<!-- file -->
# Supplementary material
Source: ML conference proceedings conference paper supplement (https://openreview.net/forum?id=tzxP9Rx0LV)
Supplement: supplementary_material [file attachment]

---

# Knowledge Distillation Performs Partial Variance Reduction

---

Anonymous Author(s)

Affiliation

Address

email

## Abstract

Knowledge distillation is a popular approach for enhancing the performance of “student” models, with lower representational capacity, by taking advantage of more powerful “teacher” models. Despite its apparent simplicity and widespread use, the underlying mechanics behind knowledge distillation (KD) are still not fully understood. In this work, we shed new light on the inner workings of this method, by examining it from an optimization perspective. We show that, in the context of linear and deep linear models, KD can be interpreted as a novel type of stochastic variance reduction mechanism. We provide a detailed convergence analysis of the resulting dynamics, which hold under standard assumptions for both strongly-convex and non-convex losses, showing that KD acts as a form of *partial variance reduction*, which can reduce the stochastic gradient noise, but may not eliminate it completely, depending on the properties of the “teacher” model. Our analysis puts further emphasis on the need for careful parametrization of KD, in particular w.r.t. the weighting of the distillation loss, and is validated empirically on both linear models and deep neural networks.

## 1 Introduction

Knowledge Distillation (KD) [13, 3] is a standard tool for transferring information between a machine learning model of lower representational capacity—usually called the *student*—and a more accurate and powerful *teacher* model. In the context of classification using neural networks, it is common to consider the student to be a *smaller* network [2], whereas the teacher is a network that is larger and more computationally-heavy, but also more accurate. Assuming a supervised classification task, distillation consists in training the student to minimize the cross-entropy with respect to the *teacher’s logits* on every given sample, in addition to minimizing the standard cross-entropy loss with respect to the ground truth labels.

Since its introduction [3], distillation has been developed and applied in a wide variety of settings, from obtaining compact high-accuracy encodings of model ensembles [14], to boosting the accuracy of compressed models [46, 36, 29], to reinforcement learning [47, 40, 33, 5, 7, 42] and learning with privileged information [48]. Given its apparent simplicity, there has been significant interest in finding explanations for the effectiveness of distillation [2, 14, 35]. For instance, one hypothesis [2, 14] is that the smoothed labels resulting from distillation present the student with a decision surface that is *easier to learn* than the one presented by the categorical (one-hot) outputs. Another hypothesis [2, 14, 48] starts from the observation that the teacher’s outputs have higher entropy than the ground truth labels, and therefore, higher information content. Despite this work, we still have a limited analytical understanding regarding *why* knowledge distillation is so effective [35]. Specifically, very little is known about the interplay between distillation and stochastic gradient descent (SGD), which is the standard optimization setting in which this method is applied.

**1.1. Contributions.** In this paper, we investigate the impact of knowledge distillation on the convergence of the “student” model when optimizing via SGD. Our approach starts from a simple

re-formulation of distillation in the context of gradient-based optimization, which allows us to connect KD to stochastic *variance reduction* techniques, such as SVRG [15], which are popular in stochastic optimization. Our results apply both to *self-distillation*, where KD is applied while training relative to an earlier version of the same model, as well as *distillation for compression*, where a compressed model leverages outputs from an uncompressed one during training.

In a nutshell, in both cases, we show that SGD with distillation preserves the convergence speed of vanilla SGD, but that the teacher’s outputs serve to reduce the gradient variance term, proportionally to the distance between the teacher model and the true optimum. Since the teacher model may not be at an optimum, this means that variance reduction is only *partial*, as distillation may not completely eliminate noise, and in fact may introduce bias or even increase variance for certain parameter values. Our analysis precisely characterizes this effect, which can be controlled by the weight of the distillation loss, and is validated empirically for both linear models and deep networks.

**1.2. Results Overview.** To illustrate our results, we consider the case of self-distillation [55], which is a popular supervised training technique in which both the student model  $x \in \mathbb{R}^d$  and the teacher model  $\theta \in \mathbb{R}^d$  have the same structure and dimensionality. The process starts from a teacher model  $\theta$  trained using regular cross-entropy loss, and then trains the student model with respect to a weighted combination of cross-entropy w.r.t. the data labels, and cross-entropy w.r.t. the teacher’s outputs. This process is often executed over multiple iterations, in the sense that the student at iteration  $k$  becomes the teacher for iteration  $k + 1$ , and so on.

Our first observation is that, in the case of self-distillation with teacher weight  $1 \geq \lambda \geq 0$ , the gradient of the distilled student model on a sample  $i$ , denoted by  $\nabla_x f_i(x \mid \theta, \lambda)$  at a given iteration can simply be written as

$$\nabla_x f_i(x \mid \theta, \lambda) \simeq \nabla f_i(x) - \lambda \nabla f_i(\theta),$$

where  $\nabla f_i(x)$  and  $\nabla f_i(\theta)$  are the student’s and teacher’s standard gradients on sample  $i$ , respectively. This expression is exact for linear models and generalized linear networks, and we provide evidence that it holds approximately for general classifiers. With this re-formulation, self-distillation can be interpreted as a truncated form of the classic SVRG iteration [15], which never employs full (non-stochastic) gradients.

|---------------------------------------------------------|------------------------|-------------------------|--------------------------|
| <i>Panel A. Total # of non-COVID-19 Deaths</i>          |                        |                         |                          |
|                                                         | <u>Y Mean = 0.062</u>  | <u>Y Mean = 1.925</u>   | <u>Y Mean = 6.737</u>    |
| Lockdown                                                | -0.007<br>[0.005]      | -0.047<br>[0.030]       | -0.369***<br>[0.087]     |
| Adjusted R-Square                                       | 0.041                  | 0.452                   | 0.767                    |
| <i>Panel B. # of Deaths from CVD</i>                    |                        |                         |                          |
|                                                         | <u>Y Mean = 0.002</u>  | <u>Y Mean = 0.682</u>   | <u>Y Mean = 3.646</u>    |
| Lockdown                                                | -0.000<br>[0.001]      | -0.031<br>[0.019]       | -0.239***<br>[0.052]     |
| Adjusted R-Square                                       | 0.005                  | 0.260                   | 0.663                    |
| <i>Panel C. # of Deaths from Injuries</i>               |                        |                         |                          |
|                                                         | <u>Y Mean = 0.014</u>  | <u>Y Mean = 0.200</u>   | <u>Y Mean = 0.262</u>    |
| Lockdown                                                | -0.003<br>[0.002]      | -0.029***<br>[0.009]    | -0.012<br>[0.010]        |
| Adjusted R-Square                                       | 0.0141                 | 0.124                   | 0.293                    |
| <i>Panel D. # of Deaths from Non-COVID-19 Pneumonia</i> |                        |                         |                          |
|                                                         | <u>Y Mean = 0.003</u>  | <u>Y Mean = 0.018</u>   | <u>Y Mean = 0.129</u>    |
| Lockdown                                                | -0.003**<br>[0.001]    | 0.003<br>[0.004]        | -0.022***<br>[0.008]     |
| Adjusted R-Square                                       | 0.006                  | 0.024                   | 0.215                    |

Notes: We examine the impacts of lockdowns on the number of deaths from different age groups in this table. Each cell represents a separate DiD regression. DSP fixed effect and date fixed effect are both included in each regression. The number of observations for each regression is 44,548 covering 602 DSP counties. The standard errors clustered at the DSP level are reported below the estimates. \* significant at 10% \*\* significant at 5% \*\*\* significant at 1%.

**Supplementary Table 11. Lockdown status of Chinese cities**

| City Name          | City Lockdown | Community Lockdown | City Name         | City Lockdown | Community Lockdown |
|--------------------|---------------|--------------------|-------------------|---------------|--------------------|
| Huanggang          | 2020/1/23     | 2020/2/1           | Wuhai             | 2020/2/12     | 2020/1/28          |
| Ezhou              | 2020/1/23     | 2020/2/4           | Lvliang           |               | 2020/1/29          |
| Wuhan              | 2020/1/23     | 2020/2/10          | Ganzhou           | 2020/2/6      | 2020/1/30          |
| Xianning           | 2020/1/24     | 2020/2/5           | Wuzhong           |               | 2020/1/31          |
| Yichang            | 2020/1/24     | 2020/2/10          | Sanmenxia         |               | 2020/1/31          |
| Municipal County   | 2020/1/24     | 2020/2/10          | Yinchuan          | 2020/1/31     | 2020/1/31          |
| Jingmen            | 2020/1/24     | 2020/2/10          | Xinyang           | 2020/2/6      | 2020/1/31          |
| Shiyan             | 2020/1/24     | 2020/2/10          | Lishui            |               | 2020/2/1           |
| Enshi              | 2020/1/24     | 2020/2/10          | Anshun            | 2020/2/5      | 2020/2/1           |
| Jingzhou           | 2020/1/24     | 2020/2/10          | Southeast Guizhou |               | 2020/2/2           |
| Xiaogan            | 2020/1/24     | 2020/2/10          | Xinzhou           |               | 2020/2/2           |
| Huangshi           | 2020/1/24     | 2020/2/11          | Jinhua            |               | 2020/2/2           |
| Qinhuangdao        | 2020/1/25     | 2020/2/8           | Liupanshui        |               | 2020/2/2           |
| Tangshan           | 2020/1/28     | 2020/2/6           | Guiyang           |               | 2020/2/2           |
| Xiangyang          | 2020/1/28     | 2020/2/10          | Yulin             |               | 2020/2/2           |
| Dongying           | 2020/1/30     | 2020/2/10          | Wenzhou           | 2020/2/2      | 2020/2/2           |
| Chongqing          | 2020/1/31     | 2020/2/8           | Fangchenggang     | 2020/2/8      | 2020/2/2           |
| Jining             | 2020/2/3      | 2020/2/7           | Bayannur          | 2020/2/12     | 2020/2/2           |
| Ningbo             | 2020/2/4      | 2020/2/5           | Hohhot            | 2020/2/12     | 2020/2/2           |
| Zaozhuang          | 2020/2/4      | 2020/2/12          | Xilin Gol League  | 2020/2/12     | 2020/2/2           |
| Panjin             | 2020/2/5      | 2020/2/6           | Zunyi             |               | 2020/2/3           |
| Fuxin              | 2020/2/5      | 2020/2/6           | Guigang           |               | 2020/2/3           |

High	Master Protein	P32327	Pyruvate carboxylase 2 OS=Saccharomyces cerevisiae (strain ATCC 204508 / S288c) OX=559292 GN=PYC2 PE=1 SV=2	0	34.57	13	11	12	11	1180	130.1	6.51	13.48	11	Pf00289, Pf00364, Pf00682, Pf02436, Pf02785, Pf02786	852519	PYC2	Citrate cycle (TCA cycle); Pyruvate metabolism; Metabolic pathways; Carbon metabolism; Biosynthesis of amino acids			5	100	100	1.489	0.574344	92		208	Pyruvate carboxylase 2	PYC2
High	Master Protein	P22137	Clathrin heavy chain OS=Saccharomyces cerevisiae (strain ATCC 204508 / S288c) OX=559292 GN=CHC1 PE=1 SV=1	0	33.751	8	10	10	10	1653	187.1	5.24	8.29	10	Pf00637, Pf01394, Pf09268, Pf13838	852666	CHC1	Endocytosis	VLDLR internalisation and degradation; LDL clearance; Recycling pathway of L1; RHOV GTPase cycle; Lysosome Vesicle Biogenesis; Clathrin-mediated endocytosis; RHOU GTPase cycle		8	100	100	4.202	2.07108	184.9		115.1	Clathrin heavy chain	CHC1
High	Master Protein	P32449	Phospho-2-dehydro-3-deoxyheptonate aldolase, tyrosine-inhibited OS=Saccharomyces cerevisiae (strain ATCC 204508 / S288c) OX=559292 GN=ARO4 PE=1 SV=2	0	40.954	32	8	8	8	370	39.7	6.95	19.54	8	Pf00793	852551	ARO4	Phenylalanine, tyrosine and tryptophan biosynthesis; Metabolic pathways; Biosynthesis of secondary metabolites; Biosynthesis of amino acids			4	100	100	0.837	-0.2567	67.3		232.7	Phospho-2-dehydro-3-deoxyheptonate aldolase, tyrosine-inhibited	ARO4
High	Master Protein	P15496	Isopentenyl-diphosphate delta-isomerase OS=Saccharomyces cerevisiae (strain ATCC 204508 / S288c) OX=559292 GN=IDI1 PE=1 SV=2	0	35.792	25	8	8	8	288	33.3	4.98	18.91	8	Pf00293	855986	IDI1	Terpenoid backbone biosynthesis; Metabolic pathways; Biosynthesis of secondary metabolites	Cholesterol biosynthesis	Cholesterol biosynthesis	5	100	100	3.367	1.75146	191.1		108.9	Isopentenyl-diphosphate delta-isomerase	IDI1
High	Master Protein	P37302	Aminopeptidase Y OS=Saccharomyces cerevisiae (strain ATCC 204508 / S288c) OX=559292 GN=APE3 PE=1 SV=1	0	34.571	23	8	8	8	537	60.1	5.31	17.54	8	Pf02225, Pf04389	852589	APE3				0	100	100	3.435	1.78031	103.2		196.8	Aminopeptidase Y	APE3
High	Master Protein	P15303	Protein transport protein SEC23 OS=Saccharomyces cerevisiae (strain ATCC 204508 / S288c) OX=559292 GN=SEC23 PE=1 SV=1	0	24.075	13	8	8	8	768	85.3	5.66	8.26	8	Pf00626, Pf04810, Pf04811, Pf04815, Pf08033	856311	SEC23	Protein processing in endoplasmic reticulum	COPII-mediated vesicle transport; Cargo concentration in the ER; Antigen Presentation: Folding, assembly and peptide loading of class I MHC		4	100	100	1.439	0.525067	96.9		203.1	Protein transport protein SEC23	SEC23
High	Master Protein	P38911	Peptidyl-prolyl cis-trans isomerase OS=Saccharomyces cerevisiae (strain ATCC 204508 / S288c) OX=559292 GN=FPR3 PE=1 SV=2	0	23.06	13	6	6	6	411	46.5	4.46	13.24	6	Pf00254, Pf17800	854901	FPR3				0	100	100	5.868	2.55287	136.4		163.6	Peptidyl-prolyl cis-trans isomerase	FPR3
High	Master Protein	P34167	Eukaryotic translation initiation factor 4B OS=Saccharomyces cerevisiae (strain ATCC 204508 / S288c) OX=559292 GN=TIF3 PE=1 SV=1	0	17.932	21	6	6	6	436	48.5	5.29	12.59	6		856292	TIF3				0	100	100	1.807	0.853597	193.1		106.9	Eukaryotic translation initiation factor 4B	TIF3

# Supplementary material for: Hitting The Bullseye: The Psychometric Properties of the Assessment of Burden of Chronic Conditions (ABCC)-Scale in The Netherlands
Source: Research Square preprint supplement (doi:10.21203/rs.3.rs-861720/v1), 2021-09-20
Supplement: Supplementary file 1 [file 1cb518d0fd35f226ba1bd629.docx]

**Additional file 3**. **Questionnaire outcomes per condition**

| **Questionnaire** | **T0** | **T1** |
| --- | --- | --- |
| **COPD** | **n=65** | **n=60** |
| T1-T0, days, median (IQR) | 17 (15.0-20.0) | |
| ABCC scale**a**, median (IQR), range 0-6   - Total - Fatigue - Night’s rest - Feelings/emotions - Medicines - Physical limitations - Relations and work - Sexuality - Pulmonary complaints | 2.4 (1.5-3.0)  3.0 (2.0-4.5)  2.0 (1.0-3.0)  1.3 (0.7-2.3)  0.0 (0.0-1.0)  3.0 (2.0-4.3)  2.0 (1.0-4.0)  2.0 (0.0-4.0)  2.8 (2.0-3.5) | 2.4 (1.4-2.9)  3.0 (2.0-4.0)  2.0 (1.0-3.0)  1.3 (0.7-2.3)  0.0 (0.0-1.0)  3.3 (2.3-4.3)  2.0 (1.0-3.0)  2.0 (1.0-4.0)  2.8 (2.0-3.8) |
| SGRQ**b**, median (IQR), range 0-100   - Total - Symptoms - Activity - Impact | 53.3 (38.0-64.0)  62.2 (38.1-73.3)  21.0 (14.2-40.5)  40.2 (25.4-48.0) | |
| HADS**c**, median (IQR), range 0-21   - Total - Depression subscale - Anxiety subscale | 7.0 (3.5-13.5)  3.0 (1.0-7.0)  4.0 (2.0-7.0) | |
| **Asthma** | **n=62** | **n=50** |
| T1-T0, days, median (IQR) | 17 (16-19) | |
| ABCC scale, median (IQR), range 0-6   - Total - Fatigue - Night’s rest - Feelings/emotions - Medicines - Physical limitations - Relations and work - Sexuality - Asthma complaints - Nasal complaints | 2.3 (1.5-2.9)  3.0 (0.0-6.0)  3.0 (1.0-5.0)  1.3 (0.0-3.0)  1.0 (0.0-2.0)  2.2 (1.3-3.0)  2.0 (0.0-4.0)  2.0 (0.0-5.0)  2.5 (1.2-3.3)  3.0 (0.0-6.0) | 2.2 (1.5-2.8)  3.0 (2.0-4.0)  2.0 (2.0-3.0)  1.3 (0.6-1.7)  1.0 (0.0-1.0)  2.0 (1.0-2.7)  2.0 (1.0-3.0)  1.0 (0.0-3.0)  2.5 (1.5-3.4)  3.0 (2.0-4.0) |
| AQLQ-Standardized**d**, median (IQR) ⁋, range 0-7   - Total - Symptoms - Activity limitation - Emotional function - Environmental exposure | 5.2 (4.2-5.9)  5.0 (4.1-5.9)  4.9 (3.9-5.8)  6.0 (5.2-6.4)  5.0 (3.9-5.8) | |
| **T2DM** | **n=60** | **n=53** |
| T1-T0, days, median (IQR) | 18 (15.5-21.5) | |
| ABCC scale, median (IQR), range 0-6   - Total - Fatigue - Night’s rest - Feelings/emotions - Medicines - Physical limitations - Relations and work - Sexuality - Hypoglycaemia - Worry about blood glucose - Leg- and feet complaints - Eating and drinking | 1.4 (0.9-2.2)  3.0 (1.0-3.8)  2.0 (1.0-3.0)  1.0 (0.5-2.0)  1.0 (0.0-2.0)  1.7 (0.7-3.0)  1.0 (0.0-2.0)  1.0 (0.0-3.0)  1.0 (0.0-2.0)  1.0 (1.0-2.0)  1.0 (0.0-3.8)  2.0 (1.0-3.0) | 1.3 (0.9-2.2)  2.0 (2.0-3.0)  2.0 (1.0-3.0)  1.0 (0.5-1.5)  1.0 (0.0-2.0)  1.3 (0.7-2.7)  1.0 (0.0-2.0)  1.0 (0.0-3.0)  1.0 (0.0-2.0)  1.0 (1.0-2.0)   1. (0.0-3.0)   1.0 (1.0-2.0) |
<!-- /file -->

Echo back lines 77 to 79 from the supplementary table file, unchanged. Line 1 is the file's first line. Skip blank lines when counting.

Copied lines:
**Additional file 3**. **Questionnaire outcomes per condition**

| **Questionnaire** | **T0** | **T1** |
| --- | --- | --- |